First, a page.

The Psychology Behind Gamification: Behavioural Motivators
We have all experienced that lack-of-motivation feeling or the ability to procrastinate and delay a task for hours, days, maybe even months. However, at the same time, you are on a very high level of that game you downloaded two days ago… The dopamine hit is much higher and faster from that game than it is from a work task. The visible progress and success is also much more satisfying (usually because the graphics are well done and you have collected a lot of coins!).
Serious Games and Gamification provide us with a mid ground between the two. A Serious Game looks and feels like a game but there is the serious element that gives us the satisfaction of having done something we recognise as being productive and that will grow our skills, broaden our horizons and potentially open new doors for us. Similarly, if we apply gamification to tasks, they become a lot less daunting or dull and the idea of completing them whilst simultaneously learning is far more attractive.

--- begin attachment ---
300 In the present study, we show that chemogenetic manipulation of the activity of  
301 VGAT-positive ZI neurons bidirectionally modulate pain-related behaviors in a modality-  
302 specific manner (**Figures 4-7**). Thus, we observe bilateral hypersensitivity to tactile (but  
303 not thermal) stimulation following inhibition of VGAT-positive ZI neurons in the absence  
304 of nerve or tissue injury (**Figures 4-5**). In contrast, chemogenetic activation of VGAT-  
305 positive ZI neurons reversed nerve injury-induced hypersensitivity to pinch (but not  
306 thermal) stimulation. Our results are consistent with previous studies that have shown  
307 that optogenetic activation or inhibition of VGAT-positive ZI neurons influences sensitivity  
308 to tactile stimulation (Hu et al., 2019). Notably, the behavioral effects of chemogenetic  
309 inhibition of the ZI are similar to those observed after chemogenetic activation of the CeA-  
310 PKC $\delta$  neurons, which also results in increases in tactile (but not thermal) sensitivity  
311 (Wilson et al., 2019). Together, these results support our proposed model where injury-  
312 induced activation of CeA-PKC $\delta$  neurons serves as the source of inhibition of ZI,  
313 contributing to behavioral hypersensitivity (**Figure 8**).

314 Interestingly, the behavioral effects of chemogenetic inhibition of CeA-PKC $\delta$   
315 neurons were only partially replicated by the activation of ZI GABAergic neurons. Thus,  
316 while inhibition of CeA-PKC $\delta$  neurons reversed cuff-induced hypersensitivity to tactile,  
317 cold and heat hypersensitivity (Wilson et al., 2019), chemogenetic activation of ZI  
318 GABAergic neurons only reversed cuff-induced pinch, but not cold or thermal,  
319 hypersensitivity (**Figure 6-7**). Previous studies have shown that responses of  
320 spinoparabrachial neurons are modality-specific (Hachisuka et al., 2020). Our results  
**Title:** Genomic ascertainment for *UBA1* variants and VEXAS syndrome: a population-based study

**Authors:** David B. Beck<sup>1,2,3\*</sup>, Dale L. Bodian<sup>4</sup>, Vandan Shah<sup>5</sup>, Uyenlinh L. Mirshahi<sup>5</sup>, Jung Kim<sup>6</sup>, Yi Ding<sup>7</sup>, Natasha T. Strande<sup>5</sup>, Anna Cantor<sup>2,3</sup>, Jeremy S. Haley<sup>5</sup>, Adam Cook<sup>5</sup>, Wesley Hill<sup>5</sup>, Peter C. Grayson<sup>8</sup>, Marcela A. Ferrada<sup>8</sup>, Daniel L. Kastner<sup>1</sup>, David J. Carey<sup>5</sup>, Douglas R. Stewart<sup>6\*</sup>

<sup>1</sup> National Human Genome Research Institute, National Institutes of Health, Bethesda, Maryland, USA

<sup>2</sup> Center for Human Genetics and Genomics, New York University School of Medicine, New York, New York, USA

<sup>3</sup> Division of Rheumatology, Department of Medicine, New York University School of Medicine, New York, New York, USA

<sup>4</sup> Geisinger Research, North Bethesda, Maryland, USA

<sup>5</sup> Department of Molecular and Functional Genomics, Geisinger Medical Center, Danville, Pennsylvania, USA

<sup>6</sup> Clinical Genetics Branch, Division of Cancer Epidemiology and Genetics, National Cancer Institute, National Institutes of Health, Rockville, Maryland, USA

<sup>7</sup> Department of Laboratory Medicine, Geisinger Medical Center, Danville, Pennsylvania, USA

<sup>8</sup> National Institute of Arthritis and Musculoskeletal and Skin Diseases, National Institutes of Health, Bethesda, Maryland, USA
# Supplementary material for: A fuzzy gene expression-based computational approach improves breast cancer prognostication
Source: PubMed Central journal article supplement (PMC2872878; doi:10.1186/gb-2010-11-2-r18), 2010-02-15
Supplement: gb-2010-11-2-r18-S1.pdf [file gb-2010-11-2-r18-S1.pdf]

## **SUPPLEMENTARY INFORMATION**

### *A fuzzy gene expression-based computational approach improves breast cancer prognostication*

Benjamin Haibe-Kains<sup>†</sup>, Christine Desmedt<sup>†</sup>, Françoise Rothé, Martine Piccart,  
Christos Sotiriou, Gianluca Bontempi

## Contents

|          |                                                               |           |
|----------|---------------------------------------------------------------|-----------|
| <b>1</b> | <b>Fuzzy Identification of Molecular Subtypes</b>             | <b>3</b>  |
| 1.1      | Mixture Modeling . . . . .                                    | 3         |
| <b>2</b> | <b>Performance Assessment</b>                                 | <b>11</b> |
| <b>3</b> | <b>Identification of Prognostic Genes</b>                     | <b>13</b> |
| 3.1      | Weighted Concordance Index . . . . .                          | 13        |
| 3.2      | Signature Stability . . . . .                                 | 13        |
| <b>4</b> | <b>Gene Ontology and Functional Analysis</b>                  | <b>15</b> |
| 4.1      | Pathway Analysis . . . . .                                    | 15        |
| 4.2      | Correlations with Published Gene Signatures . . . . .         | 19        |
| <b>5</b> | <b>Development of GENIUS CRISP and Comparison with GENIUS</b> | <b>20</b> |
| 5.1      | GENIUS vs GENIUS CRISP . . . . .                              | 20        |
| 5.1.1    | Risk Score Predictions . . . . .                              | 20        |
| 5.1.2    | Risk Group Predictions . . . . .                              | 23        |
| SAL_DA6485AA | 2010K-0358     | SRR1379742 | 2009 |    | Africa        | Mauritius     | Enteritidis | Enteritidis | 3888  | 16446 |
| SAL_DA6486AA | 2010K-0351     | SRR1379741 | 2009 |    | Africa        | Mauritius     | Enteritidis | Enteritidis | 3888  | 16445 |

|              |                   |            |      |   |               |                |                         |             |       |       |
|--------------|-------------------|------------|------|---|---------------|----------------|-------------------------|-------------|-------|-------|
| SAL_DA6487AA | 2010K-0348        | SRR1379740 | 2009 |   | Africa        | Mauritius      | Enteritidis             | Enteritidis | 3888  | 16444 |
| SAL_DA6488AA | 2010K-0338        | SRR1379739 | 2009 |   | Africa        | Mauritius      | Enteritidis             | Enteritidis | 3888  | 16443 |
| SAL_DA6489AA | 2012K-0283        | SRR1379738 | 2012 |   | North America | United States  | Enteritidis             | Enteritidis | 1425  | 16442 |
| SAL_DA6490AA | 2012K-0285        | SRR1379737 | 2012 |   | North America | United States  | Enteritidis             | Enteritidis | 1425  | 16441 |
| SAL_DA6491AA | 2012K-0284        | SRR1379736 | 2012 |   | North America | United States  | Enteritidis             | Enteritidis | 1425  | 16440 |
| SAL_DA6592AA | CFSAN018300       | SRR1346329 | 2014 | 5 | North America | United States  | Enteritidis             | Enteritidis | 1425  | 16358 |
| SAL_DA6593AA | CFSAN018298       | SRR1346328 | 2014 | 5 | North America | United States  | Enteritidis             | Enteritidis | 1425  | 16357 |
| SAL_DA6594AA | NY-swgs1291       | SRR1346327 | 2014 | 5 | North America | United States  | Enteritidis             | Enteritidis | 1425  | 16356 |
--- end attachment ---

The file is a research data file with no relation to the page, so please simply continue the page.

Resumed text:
There is another crucial point that makes gamification so important:
We have our base needs as identified by Maslow’s theory, but the way we behave is not only founded on an internal need to survive. It is influenced by our need to be accepted and be approved of by our peers (Morsella, Bargh, & Gollwitzer, 2009). This motivator is what pushes us to follow trends and our fear of being seen as different. We don’t want to be thought of as being ‘lazy’ by not doing our work or not engaging in a project when the reality is that we are struggling with it in some way. By applying gamification ideas to new or difficult situations, the process becomes more enjoyable. A sense of team spirit can develop and people are more likely to ask for help or retain information for longer.
Playing games will bring people together: why not employ this simple fact to develop and improve workplace dynamics?